CPA advertising is not a new phenomenon, but it is still often misunderstood by those who easily confuse it with CPC advertising, a related by not identical program. CPA stands for “cost per action” while CPC stands for “cost per click”. To further complicate matters, companies such as ClickBooth and others often provide customers with varying budgets and sizes with both services, making it even easier to confuse the two. Not only do CPC and CPA programs function somewhat differently, they also appeal to two different groups of clients. Learn here how CPAs advertise for clients for their advertising programs and what makes a successful CPA client.
What Does Cost Per Action Mean
“Cost per action” essentially translates to mean that every time a customer takes a specified desired action (which can mean the customer clicks on something or purchases something they have clicked to get to, and sometimes both) there is a fee paid to the provider of that advertising service. Cost per action, while often more expensive than its CPC counterpart, is still widely considered to be both cheaper and more cost effective amongst certain customer groups for the ability to closely target the advertising to the ideal customer target base. If the action is not taken, there is no cost to the business. That is the beauty of cost per action advertising strategies.
How Does a CPA Program Work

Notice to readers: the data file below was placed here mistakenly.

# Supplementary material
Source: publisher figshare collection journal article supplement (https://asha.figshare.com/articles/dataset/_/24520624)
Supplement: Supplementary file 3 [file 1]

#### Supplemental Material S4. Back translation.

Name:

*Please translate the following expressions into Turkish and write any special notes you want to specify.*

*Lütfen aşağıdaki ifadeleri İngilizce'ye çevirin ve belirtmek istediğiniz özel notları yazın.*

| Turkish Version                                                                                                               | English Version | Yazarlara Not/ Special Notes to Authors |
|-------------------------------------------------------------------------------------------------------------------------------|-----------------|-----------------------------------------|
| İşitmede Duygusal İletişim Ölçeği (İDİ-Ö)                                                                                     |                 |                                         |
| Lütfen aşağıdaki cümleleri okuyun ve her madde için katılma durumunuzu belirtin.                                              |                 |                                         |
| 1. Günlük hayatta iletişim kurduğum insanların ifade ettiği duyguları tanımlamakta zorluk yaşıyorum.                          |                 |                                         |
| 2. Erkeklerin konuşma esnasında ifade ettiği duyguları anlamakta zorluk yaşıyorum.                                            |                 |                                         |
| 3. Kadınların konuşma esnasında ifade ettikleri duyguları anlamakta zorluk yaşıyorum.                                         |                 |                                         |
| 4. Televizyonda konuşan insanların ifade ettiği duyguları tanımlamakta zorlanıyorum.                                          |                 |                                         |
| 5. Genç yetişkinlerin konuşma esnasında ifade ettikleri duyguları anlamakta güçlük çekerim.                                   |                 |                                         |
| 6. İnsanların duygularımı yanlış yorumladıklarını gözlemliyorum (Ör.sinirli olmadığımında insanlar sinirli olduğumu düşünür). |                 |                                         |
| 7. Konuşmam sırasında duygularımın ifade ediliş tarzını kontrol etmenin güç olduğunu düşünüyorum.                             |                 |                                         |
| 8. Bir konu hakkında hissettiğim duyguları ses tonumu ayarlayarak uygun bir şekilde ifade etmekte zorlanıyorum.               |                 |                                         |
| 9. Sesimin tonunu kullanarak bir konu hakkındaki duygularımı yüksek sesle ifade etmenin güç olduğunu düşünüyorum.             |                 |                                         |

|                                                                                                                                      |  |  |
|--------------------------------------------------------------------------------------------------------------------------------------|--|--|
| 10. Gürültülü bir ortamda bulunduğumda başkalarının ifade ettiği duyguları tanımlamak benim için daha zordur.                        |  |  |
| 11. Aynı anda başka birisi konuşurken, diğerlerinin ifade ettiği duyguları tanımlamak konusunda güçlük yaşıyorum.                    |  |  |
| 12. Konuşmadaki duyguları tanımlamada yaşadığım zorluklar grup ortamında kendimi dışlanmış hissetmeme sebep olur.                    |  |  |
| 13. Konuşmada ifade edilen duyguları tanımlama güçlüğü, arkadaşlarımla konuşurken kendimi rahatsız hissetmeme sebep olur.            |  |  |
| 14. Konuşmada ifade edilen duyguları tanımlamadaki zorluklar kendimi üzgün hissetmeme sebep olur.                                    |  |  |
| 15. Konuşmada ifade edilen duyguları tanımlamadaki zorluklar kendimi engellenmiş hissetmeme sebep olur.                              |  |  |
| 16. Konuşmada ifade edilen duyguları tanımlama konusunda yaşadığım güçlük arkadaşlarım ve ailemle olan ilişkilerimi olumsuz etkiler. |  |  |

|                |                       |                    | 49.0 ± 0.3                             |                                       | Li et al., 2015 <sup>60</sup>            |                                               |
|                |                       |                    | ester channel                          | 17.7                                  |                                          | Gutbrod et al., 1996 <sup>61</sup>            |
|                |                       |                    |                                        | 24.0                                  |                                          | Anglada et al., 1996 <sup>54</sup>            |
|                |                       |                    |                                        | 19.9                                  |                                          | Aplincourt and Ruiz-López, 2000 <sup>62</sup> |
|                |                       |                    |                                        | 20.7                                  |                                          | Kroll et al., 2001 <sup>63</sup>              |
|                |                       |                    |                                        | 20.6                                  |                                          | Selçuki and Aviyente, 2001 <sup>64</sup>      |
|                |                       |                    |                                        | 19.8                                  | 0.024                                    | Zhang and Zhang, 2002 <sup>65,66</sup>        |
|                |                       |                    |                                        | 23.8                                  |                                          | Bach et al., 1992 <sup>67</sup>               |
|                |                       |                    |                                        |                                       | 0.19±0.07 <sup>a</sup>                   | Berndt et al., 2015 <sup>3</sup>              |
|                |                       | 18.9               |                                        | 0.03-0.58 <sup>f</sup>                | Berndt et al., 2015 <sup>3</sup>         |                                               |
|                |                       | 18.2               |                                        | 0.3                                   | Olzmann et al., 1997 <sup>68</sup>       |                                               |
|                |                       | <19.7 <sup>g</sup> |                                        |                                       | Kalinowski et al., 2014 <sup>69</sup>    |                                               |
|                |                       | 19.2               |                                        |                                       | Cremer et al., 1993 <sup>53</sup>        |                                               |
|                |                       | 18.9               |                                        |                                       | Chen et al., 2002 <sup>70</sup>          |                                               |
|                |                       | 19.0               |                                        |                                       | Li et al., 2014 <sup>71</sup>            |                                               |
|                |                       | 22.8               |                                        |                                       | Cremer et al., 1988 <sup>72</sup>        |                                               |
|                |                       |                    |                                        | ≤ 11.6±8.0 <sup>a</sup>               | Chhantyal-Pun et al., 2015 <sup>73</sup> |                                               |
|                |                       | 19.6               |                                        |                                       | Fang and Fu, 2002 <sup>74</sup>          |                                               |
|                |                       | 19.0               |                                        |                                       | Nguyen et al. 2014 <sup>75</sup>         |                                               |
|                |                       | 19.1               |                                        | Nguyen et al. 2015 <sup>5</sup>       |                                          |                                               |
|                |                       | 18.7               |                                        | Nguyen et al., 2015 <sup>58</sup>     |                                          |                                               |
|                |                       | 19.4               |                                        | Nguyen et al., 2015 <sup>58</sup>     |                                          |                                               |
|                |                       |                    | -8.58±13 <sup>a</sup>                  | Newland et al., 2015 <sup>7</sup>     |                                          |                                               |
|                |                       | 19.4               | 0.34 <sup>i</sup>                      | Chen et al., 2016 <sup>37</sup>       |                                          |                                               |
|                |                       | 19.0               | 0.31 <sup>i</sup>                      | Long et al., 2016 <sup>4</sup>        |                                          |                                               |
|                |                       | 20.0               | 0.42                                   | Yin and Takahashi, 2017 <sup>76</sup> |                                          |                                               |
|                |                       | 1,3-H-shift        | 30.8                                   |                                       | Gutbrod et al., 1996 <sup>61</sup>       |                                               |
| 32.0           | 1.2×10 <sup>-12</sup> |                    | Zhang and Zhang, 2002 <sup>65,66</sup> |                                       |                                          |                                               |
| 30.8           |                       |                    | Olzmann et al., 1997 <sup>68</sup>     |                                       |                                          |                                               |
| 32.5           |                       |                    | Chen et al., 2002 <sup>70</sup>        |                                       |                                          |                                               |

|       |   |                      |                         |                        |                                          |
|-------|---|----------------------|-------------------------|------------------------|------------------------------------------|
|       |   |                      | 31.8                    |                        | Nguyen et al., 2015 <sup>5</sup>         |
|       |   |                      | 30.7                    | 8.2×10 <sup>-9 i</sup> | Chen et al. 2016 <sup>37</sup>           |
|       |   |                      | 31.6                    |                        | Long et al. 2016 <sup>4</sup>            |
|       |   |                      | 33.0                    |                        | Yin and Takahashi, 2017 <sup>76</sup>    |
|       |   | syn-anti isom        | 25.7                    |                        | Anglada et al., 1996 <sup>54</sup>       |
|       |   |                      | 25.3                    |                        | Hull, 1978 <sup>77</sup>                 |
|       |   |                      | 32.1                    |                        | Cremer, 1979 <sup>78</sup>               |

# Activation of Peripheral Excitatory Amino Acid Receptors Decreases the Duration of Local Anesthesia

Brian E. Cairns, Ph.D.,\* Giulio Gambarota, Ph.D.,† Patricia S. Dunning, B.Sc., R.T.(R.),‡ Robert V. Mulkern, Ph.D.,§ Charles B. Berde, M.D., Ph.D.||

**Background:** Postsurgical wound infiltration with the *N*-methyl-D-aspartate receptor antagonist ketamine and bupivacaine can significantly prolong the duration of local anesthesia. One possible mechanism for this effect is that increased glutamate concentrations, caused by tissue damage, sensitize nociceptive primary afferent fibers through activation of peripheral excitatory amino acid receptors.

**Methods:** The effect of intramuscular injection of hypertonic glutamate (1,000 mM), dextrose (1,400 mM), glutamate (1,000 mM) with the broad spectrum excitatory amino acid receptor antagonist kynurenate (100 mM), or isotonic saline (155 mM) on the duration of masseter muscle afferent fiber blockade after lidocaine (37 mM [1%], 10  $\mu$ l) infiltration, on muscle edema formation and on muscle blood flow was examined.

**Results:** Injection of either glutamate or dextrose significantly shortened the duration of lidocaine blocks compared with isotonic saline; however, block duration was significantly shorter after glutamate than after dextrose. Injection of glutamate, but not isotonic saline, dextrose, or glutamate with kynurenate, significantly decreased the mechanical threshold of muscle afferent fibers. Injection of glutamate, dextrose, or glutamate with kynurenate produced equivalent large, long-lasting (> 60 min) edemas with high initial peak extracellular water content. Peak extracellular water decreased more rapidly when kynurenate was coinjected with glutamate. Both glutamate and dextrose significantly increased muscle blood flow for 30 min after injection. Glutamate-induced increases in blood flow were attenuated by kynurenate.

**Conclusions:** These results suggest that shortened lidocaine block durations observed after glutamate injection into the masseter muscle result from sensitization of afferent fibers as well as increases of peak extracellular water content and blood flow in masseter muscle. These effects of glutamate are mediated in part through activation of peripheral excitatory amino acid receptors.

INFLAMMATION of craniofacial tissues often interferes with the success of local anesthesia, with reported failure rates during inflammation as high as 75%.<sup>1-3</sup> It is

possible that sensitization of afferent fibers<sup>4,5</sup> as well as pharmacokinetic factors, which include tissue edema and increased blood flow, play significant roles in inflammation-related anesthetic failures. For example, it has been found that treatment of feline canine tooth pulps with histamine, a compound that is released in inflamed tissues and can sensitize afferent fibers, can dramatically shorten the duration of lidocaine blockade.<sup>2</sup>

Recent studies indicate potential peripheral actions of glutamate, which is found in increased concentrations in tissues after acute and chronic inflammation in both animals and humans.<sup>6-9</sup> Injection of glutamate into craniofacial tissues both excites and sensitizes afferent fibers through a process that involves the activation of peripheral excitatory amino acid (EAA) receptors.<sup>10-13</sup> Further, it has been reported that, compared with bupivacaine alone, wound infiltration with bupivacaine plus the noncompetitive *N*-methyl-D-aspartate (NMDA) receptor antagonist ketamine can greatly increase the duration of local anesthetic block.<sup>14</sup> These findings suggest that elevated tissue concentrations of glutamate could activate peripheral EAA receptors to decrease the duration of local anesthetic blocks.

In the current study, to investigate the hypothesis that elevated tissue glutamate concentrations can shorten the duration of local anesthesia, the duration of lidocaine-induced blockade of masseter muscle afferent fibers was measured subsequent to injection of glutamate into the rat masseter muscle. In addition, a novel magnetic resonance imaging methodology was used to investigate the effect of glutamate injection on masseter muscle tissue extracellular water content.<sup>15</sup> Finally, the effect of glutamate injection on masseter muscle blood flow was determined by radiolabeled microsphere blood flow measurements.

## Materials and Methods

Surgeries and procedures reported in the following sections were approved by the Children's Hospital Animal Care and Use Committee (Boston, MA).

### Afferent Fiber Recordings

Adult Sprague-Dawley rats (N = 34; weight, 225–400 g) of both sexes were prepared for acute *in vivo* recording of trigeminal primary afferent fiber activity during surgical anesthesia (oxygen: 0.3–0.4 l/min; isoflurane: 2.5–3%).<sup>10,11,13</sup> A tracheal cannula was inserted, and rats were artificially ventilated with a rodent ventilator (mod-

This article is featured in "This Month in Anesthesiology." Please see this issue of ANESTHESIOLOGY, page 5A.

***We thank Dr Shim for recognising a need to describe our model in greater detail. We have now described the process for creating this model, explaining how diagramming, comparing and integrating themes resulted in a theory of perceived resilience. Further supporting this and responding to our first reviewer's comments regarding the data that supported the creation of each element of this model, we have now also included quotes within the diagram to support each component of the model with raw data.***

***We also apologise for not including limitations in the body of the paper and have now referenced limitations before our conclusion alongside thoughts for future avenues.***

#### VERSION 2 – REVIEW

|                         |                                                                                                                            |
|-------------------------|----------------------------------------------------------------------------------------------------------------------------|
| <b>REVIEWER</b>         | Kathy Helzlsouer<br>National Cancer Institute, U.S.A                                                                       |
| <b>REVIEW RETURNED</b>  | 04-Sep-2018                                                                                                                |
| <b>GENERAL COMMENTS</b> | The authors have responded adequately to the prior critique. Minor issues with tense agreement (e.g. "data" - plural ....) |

Basically, a CPA program sets up a chain reaction that is desired. For instance, if the business knows that their desired customer base frequents a certain webpage, they might purchase a CPA advertisement that will display on that webpage. The customer may visit the webpage and see the ad, then click on it. If the customer then completes the desired action (visits another webpage, makes a purchase, etc.) then the business is charged.
Who Makes the Best CPA Customer
Because CPA advertising programs can get expensive, even though the costs are not generally as high as a traditional advertising and publicity program might be, the best CPA customers are the ones who have some flexibility in their monthly advertising budgets, and are willing to go through a few months of adjustments before they find a strategy that works best for them. CPA customers may come into the marketplace with a strong pre-existing understanding of where their target demographic goes online, or they may have to discover this through trial and error. Obviously, the less the business knows in advance about where their ideal customer is going online, the more costly a CPA program can be to institute, track, and adjust. This is also why sometimes businesses choose to use CPA programs for testing purposes only, and then they might switch over to a fixed cost program once they have some basic data. If you are trying to choose an affiliate program, are testing a new product or ad message, have not received good results with other ad programs, or other experimental reasons, then a CPA program is a good way to get a toe in the waters.
About the author:
Marisa Stoma is a freelance writer who specializes in advertising, marketing, and business topics. She has long been a proponent of the cost effectiveness of newer advertising tactics such as CPC and CPA advertising.